The cheaper option:

Walmart is slightly cheaper than Shopper’s drug mart. Supermarkets may be on par with Shoppers drug mart. Especially Loblaws and No Frills because it is all one big company. Have I mentioned that there is a serious oligarchy in retail here?

5) Home furnishings and accessories

This one surprises me given that Canadians appear to LOVE all things homey. Buying homes, decorating homes, entertaining at home, redecorating their home… you get the picture. But shopping for these things costs a bloody arm and a leg! While a king size duvet could set you back £65 ($110 CAD)back home, in Canada… this would cost a minimum of double that ($220). And I can’t say the quality is always there either. Most of what is available are high end brands. Again going back to the problem of not having much choice of things in the middle. This trend continues from soft furnishings all the way up to furniture.

The cheaper option:

Shop the sales and there is a good ol’ Ikea  here.

7) Public Transport  

Maybe this should be better titled ‘transport’. Because I can’t fault how affordable the TTC is. The TTC includes the subway, buses and trams in the city of Toronto. It is a service that is subsidised by the government, hence why it is so affordable. In fact, I would argue that they need to over charge for it. As currently they have a set fee for any length of a journey. So, whether you are travelling 2 stops or 20, the price is a flat rate. However, outside the city is a different story. Some might think it’s not that expensive and maybe this is what the cost of transport is further out of London as well. Well I shouldn’t say that. I know London and surrounding areas are more expensive. But value for money is there. In Toronto, paying just under $20 return seems a bit steep for a train that runs on the hour and never on weekends so its a coach shuttle bus that one takes into the city, again running twice an hour. At least in the UK these trains run at least 3-4 times on the hour.

Domestic travel

Cross country, the train is expensive and slow, so again lacking in value for money. Especially when most people tend to drive anyway. But perhaps the crowning blow for such a large country is how expensive flights are. Surprisingly, this doesn’t apply to international flights. Although they can get costly due to Canada’s location from the rest of the world, but this is something that is reasonable and accepted. Instead, it applies to domestic flights. To get from Toronto to Vancouver it would cost at least $1000 CAD for one person?! It definitely costs less to get to Europe. Even a flight to Ottawa, a measly one hour away costs $240 CAD. Which is the same price as travelling to New York City from Toronto. I know which one I’d be travelling to (sorry Ottawa, I do still love you!). And with prices like that, it’s no wonder the majority of Canadians  have the impression that travel is expensive.

The cheaper option:

Toronto has recently introduced an Oyster card equivalent. It has many down sides including limited options to load up the card, and limited entrance gates at stations. However, with it there is a slight discount to travel. As for the rest of travel via train or plane: look out for sales and book ahead!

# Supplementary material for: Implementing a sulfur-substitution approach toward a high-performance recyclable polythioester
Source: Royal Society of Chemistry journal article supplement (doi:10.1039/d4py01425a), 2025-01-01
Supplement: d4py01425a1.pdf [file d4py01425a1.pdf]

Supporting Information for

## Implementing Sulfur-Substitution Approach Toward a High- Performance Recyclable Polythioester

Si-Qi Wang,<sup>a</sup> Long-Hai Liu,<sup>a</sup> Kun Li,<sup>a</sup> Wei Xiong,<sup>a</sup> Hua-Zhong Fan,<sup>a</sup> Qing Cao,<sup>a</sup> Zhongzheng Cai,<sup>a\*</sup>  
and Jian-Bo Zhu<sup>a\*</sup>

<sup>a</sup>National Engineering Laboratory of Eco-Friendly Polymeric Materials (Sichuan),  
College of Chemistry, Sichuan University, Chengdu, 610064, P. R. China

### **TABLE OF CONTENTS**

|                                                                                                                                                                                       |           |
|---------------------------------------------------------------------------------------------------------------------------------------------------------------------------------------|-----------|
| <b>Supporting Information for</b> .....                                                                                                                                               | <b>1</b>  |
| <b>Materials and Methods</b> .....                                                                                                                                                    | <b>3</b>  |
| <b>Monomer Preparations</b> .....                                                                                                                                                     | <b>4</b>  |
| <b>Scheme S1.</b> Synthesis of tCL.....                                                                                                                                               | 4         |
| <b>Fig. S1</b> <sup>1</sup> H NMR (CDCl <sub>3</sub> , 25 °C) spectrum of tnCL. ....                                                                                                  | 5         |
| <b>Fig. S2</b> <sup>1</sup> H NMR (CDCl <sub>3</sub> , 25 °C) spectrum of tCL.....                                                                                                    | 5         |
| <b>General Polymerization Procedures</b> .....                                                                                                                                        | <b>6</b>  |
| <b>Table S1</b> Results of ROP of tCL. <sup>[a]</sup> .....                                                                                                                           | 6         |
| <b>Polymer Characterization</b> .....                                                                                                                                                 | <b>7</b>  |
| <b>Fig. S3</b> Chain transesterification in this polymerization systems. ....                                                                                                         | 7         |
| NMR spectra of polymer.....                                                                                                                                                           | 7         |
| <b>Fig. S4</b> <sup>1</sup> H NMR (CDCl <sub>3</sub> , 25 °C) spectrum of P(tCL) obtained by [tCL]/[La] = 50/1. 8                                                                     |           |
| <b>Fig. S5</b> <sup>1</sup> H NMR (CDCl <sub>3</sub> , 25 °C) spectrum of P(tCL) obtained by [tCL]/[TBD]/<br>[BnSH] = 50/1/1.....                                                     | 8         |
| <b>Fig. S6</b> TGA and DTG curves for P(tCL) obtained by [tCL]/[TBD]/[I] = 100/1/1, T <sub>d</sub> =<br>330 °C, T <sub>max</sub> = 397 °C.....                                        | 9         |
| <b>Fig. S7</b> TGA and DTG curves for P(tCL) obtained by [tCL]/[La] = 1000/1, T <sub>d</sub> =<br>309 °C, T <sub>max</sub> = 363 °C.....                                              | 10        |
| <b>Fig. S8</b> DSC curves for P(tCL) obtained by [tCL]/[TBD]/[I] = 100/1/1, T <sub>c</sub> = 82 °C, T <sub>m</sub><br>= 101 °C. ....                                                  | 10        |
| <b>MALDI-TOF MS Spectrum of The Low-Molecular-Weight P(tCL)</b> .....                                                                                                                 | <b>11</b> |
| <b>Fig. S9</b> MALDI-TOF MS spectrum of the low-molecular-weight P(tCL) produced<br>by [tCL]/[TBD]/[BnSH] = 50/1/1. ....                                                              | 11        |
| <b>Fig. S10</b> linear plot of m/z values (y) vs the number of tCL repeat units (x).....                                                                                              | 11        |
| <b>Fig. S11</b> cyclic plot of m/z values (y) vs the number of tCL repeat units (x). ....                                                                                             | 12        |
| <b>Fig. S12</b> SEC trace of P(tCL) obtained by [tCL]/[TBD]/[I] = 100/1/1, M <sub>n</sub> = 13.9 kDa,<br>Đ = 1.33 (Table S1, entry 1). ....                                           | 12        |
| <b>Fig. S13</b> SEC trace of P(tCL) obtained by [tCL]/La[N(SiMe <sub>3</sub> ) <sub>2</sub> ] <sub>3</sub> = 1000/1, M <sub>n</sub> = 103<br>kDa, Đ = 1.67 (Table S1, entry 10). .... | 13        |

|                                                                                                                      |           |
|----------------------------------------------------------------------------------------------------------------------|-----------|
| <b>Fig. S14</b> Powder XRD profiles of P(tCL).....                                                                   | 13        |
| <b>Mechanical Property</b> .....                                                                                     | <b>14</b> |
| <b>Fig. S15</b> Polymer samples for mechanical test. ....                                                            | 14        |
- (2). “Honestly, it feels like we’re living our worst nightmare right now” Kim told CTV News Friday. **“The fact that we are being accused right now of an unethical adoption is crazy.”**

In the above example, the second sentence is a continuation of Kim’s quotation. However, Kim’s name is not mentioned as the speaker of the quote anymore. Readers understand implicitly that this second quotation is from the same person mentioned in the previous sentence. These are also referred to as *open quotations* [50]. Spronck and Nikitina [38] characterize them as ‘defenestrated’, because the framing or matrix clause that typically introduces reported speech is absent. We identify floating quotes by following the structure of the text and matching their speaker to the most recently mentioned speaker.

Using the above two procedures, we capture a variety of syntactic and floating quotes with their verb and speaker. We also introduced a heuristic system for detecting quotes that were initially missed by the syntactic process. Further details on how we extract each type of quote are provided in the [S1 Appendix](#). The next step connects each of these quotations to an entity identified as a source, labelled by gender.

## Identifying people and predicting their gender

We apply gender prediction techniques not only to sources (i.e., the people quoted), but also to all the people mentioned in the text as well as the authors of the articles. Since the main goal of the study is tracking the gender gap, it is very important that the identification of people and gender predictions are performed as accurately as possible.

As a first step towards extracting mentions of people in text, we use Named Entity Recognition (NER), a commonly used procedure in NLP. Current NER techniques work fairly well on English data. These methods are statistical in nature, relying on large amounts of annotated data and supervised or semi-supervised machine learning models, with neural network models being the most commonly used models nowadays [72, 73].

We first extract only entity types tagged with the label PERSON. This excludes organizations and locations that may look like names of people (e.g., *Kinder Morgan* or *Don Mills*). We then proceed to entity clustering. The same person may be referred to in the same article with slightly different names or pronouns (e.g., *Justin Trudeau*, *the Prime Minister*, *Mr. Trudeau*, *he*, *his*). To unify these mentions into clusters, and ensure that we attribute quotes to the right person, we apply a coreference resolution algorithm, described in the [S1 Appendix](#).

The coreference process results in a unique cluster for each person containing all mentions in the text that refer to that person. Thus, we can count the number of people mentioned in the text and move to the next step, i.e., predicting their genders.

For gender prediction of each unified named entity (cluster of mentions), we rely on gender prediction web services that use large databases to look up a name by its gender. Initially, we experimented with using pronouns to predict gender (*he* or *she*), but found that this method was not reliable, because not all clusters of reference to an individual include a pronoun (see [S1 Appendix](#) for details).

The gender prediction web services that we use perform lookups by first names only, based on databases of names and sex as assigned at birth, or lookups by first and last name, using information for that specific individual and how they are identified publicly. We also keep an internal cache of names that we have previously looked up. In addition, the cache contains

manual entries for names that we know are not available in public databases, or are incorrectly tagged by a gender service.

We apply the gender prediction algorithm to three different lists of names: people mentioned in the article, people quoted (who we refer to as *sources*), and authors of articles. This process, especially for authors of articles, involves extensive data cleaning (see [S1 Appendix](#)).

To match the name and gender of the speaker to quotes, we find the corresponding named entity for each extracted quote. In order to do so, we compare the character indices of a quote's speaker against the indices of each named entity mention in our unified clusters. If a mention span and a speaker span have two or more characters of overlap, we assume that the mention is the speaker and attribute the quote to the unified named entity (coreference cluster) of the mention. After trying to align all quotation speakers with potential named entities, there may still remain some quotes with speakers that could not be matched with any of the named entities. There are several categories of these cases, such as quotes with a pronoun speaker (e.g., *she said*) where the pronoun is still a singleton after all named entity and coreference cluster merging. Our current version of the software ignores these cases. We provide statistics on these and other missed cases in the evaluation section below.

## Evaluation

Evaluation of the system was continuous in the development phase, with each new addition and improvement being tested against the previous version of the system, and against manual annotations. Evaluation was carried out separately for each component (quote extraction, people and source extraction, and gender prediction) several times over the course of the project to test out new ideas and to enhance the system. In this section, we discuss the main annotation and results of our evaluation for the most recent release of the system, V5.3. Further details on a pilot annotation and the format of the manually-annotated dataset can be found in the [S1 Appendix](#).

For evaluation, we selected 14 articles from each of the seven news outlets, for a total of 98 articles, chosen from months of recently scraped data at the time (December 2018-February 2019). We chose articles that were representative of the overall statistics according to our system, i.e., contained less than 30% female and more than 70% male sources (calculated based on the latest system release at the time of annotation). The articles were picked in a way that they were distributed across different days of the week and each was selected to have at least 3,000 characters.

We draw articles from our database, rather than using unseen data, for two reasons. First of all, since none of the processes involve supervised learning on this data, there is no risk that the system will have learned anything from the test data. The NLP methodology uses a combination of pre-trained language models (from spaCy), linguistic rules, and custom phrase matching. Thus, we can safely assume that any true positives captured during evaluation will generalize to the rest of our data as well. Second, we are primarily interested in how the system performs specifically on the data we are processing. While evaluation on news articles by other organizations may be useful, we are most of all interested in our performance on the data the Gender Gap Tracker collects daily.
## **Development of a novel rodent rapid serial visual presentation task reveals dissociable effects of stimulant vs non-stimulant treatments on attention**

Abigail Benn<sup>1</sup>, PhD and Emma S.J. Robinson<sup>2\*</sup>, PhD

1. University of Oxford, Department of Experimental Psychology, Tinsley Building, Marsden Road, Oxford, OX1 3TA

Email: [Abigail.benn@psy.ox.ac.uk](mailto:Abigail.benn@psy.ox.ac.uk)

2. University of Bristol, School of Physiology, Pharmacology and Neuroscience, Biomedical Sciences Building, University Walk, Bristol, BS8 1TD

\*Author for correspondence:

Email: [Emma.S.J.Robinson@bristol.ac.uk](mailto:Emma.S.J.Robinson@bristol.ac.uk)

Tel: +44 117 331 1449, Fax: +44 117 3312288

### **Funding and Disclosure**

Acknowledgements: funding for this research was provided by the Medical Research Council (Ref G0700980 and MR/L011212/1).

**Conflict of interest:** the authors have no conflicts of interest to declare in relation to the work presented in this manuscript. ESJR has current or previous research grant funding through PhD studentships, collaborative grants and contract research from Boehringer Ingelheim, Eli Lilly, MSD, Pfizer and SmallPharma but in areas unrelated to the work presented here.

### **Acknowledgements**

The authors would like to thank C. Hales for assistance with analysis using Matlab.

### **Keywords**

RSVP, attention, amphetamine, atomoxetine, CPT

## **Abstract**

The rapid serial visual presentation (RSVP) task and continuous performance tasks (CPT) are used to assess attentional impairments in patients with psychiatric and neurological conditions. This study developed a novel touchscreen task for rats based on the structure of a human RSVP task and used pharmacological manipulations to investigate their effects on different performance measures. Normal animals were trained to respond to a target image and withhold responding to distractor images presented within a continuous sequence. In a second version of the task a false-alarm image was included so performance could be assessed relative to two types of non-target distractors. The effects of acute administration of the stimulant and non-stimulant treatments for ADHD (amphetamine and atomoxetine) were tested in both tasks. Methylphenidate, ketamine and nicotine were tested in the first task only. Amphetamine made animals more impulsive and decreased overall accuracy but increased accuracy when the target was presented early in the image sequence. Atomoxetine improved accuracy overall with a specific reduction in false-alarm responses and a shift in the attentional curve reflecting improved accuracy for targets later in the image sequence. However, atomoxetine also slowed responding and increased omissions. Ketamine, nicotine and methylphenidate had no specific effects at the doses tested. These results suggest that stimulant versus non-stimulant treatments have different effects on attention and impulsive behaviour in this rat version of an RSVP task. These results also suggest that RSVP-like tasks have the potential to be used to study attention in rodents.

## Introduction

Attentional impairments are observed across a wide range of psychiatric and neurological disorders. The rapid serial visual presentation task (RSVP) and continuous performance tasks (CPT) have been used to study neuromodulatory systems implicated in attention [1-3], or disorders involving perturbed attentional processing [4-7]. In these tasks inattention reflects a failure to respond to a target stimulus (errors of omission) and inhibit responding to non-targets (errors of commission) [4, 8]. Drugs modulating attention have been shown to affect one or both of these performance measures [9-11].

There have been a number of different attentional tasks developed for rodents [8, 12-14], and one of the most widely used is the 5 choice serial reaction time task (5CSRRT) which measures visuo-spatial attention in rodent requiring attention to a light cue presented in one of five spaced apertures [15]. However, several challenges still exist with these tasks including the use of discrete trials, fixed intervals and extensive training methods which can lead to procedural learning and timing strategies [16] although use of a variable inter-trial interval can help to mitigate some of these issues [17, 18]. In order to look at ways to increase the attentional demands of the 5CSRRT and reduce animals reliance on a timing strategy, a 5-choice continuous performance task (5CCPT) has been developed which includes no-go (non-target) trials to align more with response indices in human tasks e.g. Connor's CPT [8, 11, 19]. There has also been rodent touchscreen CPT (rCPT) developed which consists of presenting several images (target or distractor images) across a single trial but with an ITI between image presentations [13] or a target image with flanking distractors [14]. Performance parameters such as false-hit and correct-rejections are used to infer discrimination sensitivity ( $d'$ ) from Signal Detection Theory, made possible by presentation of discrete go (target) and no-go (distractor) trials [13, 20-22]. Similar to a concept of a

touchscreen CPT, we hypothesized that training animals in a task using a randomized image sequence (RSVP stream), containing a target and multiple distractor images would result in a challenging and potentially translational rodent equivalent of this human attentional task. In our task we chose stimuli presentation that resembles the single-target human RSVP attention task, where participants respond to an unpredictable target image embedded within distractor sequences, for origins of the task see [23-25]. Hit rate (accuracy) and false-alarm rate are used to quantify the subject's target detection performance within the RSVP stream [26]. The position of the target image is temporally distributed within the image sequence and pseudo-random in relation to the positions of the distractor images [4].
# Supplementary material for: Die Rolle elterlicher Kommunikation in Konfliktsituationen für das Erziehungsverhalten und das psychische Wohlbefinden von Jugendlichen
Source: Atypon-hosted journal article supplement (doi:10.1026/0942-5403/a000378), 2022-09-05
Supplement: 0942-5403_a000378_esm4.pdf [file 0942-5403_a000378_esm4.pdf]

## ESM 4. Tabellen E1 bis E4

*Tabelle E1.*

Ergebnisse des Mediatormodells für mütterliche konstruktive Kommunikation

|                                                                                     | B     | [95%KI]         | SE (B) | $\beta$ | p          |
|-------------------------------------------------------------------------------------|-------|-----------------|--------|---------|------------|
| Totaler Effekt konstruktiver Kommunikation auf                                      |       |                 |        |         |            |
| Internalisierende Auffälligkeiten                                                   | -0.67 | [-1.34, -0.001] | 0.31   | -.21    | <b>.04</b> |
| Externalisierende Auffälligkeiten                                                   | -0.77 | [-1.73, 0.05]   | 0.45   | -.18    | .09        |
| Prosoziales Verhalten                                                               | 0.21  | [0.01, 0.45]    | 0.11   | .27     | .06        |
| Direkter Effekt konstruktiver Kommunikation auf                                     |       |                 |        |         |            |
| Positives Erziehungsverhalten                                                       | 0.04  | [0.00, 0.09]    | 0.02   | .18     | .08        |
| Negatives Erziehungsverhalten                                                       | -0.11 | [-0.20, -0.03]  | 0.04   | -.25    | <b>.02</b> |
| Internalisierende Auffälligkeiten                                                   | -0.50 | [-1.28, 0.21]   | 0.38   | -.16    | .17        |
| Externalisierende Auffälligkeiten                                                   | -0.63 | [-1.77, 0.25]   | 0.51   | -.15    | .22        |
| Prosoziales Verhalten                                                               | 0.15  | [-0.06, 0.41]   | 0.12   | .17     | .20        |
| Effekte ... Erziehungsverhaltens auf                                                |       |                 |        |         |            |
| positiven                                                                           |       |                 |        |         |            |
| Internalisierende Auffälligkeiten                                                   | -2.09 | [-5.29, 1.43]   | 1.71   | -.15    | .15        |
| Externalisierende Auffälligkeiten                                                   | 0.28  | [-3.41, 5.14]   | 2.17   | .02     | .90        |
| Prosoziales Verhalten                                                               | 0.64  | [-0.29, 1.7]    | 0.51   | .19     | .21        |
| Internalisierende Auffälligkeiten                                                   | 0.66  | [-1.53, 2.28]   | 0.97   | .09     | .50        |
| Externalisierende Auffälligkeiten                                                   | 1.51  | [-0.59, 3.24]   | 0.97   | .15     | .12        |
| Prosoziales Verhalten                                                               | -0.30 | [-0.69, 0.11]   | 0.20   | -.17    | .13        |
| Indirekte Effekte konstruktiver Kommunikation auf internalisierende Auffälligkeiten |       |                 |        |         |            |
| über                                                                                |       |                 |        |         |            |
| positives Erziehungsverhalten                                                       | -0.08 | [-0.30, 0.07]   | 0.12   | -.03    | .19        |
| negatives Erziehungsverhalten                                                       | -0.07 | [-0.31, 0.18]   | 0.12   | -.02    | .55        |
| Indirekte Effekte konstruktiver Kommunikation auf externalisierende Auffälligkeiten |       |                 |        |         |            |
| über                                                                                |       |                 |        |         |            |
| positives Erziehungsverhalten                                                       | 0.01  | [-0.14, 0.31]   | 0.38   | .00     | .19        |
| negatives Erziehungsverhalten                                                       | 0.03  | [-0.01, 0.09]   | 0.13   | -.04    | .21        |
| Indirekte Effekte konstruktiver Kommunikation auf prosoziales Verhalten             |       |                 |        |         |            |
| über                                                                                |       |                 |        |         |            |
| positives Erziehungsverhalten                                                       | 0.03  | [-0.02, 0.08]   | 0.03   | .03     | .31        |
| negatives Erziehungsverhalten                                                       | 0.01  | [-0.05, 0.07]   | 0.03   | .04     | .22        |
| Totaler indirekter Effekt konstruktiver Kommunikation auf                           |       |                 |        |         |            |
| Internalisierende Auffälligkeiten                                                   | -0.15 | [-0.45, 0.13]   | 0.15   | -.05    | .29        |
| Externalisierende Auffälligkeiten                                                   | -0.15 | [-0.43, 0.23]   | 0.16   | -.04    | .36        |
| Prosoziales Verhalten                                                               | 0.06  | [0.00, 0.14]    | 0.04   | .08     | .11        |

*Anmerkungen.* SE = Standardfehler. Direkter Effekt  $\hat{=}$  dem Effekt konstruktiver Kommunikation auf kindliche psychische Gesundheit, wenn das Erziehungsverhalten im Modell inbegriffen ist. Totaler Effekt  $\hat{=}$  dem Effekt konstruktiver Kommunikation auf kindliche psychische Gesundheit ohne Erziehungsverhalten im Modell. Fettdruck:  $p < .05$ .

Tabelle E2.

8) Buying a house

And the winner of all things expensive goes to….. Housing! Now the argument against how expensive housing is in Toronto is that in comparison to any other major city, housing within the city is still fairly affordable. And whilst that is true, you can’t compare a city like Toronto to that of fashion capitals (London, Paris, Milan and NY) and financial capitals (HK, SG, NY, London). When it comes to value for money, those quaint little houses in downtown Toronto just aren’t worth the starting price of $1.2 million CAD. In fact, the housing market is so expensive that people would a) rather buy a house almost 2 hours out of the city and commute to work just to get their piece of land or b) rent a house a whole hour out of the city as value for money is better further out of the city (value for money meaning more house for your cash). And so, like many major cities in the world these days, housing is just plain expensive.

The cheaper option:  

 The renters market is manageable, especially as rent is cheaper than what one would pay for a mortgage plus property taxes each year. However, some would argue even this is beginning to get a bit ridiculous (Ready David Coffey’s perspective here).

Is it really that expensive to live in Toronto?

Any city, no matter how expensive is liveable, with the right salary and a sensible approach. And maybe this seems a bit rich coming from someone who lived in London for 10 years. Toronto is still deemed 25% cheaper to live in than London (check out expatistan for more). From my perspective,  things are little overpriced for my liking here. 

Where do you live? Do you find things to be more expensive than in your home country?

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  1. I cannot agree with you more about the domestic travel costs. No wonder most people living in Toronto have never been to the west part of Canada. It is just ridiculous expensive and the largest domestic airline service Air Canada has gone terrible lately. I went on several trips on Latin America than travel inside Canada in my first two years, because flight over there is way cheaper. How ironic this is.

    Another thing I wanted to add is the tax. I dont want to delve deep into it on the tax we need to pay, but a $10 (price on the menu) meal will end up for like $13 because of the tips and tax we pay. T

    • I know. I was really disappointed when I realised that a flight out west would be more than flying back to the UK. It’s ridiculous given the size of the country. Australia have managed to keep domestic flights low… I can’t understand why Canada can’t. Don’t even get me started on the surprise tax added to price tags and bills. I hate never knowing how much things cost.